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Children’s Day: Fun for some, work for the rest
Published on 14 Nov. 2010 11:38 PM IST
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While kids across the country celebrated Children’s Day with gaiety and aplomb, there were many like nine-year-old Sunil who sluggishly prepared tea and washed dishes near a railway station here, unaware of the day’s significance. “I don’t know what is Children’s Day. For the last three years, I have been working at this chai (tea) shop to support my family. My father died some years back and I have three siblings to feed,” said Sunil, busy preparing tea.
Sunil puts in a 10-hour shift everyday to earn a meager Rs.100. For the thousands like him who roll out chapatis and scrub floors, Children’s Day -- the birth anniversary of India’s first prime minister Jawaharlal Nehru -- is nothing but another day of labour to support their families.
For those falling on the other side of the social divide, Children’s Day is looked forward to with much enthusiasm.
As it fell on a Sunday this year, many schools organised the customary Children’s Day function in advance.
“My school celebrated Children’s Day on Saturday and we wore civvies and not the school uniform. A cultural programme was organised at the school and we were given sweets,” said an excited Sanchita Singh, a Class 4 student.
For a group of HIV positive kids from Jaipur, the day was made special because of a trip to Delhi, organised by NGO Aasha Ki Kiran.
The kids visited Rail Museum, Nehru Planetarium and Akshardham temple.
“It was fun to know about planets, stars and constellations during the sky show at the planetarium. We are really looking forward to light and sound show at Akshardham temple,” said an enthusiastic boy.
Education still a distant dream for many kids
The Government may have promised the Right to Education to every child but on Children’s Day this year just how much of that promise has really been kept. A recent study reveals that India is home to the largest number of child labourers and school drop outs.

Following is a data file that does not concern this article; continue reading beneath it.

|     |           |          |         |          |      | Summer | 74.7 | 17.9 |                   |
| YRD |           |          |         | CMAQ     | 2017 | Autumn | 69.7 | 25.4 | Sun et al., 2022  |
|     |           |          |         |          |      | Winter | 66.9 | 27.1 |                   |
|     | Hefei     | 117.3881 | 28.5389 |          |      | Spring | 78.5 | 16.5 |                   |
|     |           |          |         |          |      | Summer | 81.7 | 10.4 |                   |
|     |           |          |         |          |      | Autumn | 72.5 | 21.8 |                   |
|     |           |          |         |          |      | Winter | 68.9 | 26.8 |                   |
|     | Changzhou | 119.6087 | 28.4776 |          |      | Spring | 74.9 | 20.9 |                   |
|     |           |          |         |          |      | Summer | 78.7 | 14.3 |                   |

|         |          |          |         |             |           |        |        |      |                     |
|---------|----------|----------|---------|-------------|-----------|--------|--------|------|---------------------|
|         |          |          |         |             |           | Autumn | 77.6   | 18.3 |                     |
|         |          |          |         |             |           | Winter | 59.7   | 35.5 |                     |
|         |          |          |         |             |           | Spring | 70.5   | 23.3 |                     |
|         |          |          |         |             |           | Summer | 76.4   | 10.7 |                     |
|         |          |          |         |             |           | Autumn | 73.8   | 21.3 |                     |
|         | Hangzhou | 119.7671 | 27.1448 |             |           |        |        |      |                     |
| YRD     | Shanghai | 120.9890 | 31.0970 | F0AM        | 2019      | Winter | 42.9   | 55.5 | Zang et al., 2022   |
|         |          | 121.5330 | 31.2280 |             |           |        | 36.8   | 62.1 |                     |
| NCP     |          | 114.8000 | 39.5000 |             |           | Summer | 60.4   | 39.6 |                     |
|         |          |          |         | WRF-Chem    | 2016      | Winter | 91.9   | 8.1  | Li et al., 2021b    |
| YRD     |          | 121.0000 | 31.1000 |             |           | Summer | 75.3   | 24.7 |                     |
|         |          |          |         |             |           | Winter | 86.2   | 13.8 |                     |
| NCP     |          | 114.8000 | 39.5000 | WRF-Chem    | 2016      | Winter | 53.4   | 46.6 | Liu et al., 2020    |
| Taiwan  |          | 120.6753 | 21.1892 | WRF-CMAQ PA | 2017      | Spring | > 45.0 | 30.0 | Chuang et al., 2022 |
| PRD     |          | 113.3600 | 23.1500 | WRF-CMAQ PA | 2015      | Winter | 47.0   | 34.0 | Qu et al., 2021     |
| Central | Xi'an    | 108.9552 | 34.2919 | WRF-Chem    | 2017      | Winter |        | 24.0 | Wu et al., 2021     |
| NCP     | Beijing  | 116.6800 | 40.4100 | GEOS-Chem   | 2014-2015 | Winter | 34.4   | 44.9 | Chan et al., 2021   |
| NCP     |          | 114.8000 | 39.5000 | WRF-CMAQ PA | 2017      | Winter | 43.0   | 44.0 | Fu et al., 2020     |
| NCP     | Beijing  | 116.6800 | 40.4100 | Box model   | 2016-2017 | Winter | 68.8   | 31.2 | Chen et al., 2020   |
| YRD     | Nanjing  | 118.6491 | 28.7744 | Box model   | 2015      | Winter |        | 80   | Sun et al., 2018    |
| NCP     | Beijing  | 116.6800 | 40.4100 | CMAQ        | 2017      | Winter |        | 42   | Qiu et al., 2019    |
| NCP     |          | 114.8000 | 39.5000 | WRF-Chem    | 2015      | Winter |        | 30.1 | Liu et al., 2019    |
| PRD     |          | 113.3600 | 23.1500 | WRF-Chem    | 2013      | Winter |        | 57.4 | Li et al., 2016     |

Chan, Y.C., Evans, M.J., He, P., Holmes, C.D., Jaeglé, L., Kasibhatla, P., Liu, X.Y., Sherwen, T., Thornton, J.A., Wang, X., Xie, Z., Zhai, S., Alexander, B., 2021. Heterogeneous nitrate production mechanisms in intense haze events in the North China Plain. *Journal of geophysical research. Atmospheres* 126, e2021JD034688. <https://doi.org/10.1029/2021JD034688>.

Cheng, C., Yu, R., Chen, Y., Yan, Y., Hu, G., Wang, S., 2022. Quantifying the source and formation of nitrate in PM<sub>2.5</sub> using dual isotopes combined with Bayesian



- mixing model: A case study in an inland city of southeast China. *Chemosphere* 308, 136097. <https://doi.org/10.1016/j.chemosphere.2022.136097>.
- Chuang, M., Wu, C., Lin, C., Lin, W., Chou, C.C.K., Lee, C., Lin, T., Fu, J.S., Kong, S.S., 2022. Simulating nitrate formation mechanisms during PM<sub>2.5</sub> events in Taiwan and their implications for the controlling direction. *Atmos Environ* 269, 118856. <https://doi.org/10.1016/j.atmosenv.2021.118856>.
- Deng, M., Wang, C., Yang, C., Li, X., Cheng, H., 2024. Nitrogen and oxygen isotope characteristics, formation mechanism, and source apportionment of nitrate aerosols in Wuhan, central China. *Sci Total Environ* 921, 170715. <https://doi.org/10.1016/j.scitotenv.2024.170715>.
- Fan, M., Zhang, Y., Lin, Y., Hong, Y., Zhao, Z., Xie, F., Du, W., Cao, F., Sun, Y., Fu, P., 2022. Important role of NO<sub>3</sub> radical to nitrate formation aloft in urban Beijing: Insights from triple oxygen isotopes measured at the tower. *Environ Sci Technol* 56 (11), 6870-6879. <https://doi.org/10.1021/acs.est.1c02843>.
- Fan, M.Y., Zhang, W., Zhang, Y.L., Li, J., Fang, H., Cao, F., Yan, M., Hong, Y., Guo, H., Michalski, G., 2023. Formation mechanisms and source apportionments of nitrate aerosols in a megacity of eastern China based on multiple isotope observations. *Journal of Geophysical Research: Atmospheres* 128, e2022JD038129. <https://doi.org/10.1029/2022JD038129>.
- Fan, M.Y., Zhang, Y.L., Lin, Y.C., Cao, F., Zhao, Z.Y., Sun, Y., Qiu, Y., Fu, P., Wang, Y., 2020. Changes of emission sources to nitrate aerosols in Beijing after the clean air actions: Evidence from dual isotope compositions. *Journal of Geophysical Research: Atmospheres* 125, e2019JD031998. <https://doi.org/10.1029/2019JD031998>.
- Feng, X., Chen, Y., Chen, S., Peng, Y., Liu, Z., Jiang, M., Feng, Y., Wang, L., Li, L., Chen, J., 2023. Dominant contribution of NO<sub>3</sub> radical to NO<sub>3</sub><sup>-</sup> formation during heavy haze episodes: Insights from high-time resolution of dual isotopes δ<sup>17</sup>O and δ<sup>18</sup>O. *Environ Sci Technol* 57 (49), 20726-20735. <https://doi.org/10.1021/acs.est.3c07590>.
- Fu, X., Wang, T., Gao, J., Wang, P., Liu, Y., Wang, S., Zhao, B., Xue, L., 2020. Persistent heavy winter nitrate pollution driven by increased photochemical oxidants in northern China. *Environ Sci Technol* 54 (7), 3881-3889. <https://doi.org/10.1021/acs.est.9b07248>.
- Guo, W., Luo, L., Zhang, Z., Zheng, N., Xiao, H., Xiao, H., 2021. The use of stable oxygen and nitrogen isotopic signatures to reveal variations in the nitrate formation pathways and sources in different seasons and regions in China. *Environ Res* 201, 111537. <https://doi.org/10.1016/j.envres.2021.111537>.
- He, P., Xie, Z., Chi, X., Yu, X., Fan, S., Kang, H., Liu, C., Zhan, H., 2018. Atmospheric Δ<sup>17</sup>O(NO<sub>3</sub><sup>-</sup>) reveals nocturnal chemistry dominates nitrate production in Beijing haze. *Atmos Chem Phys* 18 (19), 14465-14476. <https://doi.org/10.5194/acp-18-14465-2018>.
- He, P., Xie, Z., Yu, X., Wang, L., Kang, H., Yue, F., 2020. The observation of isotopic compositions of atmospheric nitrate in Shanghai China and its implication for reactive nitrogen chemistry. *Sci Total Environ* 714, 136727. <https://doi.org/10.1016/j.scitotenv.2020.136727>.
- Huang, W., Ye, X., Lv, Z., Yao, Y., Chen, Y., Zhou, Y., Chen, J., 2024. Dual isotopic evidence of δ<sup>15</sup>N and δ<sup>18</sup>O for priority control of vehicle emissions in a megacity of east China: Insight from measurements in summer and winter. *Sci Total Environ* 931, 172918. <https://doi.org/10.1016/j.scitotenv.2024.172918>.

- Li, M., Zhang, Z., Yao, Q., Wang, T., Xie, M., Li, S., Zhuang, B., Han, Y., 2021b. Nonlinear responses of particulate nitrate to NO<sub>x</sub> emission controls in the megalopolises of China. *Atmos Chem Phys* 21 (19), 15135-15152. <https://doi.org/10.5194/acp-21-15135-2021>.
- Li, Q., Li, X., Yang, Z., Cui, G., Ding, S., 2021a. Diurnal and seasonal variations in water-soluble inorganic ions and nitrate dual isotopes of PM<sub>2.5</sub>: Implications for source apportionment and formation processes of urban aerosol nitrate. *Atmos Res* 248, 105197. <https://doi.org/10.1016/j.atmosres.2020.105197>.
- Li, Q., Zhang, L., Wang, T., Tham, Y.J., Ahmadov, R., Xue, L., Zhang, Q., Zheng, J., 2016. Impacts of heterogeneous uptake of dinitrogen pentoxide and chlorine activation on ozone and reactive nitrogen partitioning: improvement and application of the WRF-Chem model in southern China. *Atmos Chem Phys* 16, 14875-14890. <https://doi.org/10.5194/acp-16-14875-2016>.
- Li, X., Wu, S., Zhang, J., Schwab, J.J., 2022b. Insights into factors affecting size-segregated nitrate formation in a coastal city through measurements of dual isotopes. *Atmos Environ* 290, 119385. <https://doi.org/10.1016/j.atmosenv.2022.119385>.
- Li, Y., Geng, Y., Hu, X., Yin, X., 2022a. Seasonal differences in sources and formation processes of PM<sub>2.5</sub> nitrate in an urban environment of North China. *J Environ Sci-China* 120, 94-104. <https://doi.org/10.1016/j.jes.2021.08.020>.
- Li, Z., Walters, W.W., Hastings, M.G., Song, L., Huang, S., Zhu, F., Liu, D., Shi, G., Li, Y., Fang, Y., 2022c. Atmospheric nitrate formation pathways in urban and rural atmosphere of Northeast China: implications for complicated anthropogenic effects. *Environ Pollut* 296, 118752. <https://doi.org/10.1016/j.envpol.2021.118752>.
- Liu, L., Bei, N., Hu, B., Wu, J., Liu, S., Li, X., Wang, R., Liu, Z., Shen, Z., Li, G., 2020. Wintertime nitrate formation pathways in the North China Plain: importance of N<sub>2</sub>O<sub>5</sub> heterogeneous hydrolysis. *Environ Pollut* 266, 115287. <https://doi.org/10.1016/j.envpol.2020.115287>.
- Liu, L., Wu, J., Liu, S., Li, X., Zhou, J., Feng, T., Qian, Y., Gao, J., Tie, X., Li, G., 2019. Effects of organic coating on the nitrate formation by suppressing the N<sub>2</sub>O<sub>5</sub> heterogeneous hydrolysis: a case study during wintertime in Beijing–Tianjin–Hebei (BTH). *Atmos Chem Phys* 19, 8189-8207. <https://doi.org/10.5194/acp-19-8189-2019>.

The stories of child labourers are not of childhood fantasies but of a reality bitter and stark. This seven-year-old (identity concealed) has spent two years of his life working for 18 hours every day making school bags which he knew he could never carry.
When his tiny fingers got tired he was abused and beaten up mercilessly by his masters. His friends too tell similar stories.
“He used to beat me all over my body. He also abused me,” he says. “He used to force us to work from 9 in the morning till mid night,” says another child labour.
Almost 42 per cent of our country of a billion people is below the age of 18. They are vulnerable and often exploited and while we exult over Right to Education many children are denied the right to life.
So just how real is even the Eight to Education?
Badarpur Khadar, a village barely 5 kilometres away from the national capital has generations who have never seen a school. No school has ever been built, and no child can be seen with a book here.
The villagers want their children to get education.
“I am illiterate but my child should study and get education,” says a villager as other nod in agreement.
But the will to learn still does not guarantee the Right to Education. Will India continue to be blind to its future? Will India ever listen?

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